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Sparring over clean energy standards continues at committee hearing

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Sparring over clean energy standards continues at committee hearing

Sep 21, 2023 | 3:52 am ET
By Kyle Davidson
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Sparring over clean energy standards continues at committee hearing
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Solar panels in Meridian Township | Susan J.Demas

The Senate Energy and Environment Committee heard additional testimony on bills aimed at transitioning Michigan to renewable energy at its Wednesday meeting, following changes to proposed clean energy and waste reduction standards. 

The committee heard testimony on three bills, one that would transition Michigan to 100% clean energy sources, another establishing new energy waste reduction targets and incentives and another, which would set priorities for the Michigan Public Service Commission (MPSC) to consider when regulating energy companies in the state. 

All three bills were initially introduced in April as part of the Senate’s Clean Energy Future Plan, a package of bills aimed at bringing aspects of Gov. Gretchen Whitmer’s MI Healthy Climate Plan into state law. 

Whitmer called on lawmakers to pass a clean energy standard and enact policies promoting energy efficiency and reducing energy waste with members of the House introducing a similar package of clean energy bills in June. 

Sparring over clean energy standards continues at committee hearing
State Sen. Erika Geiss (D-Taylor), March 14, 2023 | Laina G. Stebbins

The committee heard testimony on two of the bills — Senate Bills 271 and 273 — prior to the Legislature’s summer break, the bills have seen changes since they were initially introduced. The bill’s sponsors, state Sens. Sam Singh (D-East Lansing) and Erika Geiss (D-Taylor), gave updates on the changes to the bills during the committee meeting last week. Although the bills were initially included on the agenda for last week’s committee meeting, they were dropped due to a delay in drafting bills to reflect changes in the legislation.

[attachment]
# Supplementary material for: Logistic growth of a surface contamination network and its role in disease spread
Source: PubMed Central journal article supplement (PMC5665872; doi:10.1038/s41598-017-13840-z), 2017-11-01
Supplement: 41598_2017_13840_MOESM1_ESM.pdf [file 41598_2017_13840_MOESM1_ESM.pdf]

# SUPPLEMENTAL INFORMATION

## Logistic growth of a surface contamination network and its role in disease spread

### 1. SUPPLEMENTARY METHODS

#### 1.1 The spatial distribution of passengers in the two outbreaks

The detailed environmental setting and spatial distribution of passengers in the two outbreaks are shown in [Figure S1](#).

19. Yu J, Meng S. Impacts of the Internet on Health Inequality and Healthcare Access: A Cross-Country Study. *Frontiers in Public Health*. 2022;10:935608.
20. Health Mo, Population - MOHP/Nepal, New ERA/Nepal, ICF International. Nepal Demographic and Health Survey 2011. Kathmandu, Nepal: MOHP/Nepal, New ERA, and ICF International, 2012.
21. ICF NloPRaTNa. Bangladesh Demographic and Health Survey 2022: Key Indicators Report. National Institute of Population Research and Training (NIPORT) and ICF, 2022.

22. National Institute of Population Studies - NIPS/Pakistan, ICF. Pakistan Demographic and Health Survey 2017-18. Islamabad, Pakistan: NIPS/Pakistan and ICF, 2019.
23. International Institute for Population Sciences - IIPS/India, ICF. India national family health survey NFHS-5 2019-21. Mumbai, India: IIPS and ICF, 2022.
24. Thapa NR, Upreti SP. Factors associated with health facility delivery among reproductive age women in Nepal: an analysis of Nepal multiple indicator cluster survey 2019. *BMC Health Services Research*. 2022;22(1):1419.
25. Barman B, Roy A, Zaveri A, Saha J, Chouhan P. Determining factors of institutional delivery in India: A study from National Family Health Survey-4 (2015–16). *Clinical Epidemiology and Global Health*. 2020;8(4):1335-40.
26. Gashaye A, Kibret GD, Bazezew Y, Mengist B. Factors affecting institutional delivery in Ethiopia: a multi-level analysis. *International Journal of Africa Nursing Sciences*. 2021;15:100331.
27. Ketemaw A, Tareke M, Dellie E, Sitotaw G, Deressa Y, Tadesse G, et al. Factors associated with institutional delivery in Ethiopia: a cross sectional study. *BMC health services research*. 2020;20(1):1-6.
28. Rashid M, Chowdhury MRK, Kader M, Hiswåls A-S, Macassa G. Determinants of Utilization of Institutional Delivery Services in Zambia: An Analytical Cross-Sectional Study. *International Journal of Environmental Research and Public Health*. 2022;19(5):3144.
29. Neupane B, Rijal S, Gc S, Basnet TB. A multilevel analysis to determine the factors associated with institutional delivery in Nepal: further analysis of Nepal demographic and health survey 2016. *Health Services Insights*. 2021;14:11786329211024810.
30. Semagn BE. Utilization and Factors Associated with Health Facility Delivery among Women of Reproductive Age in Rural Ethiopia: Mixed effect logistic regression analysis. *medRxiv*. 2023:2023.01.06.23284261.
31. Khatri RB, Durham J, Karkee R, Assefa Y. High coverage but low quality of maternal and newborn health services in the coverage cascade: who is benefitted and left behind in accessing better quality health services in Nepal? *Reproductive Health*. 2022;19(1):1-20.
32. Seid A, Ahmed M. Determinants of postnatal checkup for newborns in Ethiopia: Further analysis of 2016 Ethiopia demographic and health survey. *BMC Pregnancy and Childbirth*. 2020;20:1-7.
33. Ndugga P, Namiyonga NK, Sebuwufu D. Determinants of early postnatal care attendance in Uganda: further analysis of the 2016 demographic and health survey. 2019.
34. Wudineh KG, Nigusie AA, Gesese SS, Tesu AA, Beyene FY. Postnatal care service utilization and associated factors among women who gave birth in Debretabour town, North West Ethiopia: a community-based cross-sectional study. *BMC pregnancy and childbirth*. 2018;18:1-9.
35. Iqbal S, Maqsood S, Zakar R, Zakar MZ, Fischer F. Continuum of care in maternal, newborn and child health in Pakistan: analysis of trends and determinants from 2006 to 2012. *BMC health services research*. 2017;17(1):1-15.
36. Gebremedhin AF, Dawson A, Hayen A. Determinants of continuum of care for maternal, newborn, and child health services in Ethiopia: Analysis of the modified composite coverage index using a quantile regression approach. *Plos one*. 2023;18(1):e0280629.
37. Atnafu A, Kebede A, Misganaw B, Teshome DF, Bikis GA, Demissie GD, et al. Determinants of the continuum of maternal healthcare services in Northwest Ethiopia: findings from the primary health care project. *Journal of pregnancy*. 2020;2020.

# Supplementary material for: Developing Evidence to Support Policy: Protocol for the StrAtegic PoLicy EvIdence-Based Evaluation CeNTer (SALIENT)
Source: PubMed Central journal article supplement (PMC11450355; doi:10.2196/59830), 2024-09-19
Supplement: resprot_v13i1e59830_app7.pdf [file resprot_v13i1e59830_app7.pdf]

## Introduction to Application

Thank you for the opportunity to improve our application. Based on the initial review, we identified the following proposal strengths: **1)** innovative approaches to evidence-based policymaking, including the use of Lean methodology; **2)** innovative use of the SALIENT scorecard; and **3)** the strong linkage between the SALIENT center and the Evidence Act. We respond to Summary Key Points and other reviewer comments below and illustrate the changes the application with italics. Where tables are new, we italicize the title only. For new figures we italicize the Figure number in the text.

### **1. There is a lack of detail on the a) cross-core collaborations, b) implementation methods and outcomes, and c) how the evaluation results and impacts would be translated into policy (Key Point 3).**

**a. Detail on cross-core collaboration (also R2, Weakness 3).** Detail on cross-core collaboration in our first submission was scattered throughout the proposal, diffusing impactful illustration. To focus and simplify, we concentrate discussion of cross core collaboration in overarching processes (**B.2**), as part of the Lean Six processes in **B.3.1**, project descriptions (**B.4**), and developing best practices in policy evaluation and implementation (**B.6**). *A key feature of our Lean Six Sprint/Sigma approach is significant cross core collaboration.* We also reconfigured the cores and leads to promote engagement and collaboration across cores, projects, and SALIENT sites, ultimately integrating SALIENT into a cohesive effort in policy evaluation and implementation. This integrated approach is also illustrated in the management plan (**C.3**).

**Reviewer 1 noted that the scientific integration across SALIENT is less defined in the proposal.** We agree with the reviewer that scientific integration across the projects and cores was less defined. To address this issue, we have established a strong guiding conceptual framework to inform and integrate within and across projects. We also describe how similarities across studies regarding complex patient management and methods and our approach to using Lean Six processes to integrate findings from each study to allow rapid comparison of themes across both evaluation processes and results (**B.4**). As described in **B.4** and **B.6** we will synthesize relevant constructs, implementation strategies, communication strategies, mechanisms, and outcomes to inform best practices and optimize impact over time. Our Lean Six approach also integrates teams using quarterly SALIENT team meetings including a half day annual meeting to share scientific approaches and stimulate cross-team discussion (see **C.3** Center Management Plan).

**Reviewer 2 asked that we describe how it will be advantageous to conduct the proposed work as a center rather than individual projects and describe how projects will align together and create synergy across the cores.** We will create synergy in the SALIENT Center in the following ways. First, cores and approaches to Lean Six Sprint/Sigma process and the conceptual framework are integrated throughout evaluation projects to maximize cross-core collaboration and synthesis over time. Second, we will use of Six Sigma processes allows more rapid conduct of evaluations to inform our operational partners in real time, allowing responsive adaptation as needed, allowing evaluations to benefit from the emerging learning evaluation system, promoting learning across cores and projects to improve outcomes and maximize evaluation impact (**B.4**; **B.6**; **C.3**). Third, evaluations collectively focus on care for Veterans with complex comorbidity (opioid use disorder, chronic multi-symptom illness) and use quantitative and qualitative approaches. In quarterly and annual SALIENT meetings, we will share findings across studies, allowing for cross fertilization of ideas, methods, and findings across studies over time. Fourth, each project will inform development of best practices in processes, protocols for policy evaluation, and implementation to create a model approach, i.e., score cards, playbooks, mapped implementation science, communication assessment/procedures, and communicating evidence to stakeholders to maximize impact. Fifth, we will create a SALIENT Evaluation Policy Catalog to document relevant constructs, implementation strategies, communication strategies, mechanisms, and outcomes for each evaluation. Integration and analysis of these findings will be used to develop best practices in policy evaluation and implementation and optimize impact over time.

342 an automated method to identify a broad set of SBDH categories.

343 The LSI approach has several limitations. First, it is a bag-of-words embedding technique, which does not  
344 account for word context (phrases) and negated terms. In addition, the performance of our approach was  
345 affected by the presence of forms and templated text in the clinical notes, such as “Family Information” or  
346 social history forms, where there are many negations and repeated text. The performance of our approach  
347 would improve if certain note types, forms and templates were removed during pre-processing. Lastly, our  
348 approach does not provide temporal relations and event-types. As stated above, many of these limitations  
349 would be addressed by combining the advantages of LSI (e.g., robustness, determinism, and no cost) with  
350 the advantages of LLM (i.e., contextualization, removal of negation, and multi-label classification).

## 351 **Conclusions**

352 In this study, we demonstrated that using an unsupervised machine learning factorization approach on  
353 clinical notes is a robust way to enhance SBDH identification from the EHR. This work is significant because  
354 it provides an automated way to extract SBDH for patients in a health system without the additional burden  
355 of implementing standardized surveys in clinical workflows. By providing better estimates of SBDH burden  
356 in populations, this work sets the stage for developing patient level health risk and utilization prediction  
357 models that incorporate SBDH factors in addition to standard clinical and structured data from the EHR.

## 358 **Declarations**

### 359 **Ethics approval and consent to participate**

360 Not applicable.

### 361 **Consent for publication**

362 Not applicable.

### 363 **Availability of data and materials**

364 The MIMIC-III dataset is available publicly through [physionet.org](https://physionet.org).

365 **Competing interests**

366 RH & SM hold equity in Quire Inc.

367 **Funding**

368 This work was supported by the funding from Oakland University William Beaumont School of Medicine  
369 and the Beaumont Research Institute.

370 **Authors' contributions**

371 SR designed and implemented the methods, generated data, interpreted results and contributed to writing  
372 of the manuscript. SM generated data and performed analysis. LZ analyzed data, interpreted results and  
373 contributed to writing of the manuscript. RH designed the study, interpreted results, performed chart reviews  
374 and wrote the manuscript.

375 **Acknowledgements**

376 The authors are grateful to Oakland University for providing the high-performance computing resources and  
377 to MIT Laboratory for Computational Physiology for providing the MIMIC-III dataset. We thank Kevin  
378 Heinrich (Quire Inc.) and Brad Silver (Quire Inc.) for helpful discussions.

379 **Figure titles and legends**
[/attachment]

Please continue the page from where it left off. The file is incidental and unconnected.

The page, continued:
Notably, Geiss’ Senate Bill 271 adjusted its timeline for energy companies to offer 100% renewable sources from 2035 to 2040, with utilities now being required to generate 80% of their power from renewable sources by 2035 and would include components for carbon capture technology. The bill also updated language on good-cause extensions for companies who try but are unable to meet a renewable energy standard to allow companies up to two extensions not exceeding two years each. 

The changes would also include provisions for zero carbon hydrogen and carbon capture and storage, as well as grandfathering in existing commercial biomass fuel plants as renewable sources when the bill takes effect. It also includes an electricity storage component, requiring energy companies to construct, contract or require a total of 2500 of energy storage systems by 2030, Geiss said. 

Singh’s Senate Bill 273 would now increase the energy waster reduction standard from 1% to 1.5% of total annual electrical sales, with an incentive goal to meet the previously proposed 2% standard, he said. It would also increase the waste reduction target for natural gas companies from .75% of their total annual retail gas sale to 1%.

The committee also considered Senate Bill 502, sponsored by Sen. Sue Shink (D-Northfield Twp.), which would require the Michigan Public Service Commission to prioritize specific goals while regulating energy utilities, including reliability, safety and resilience of energy systems, service quality, affordability, as well as goals focused on ensuring equitable access to energy efficiency, weatherization, home electrification and clean energy technology and compliance with state clean energy standard goals. 

During the meeting, MPSC Chair Dan Scripps offered support for the bills addressing concerns of cost, reliability and supply chain for solar panels.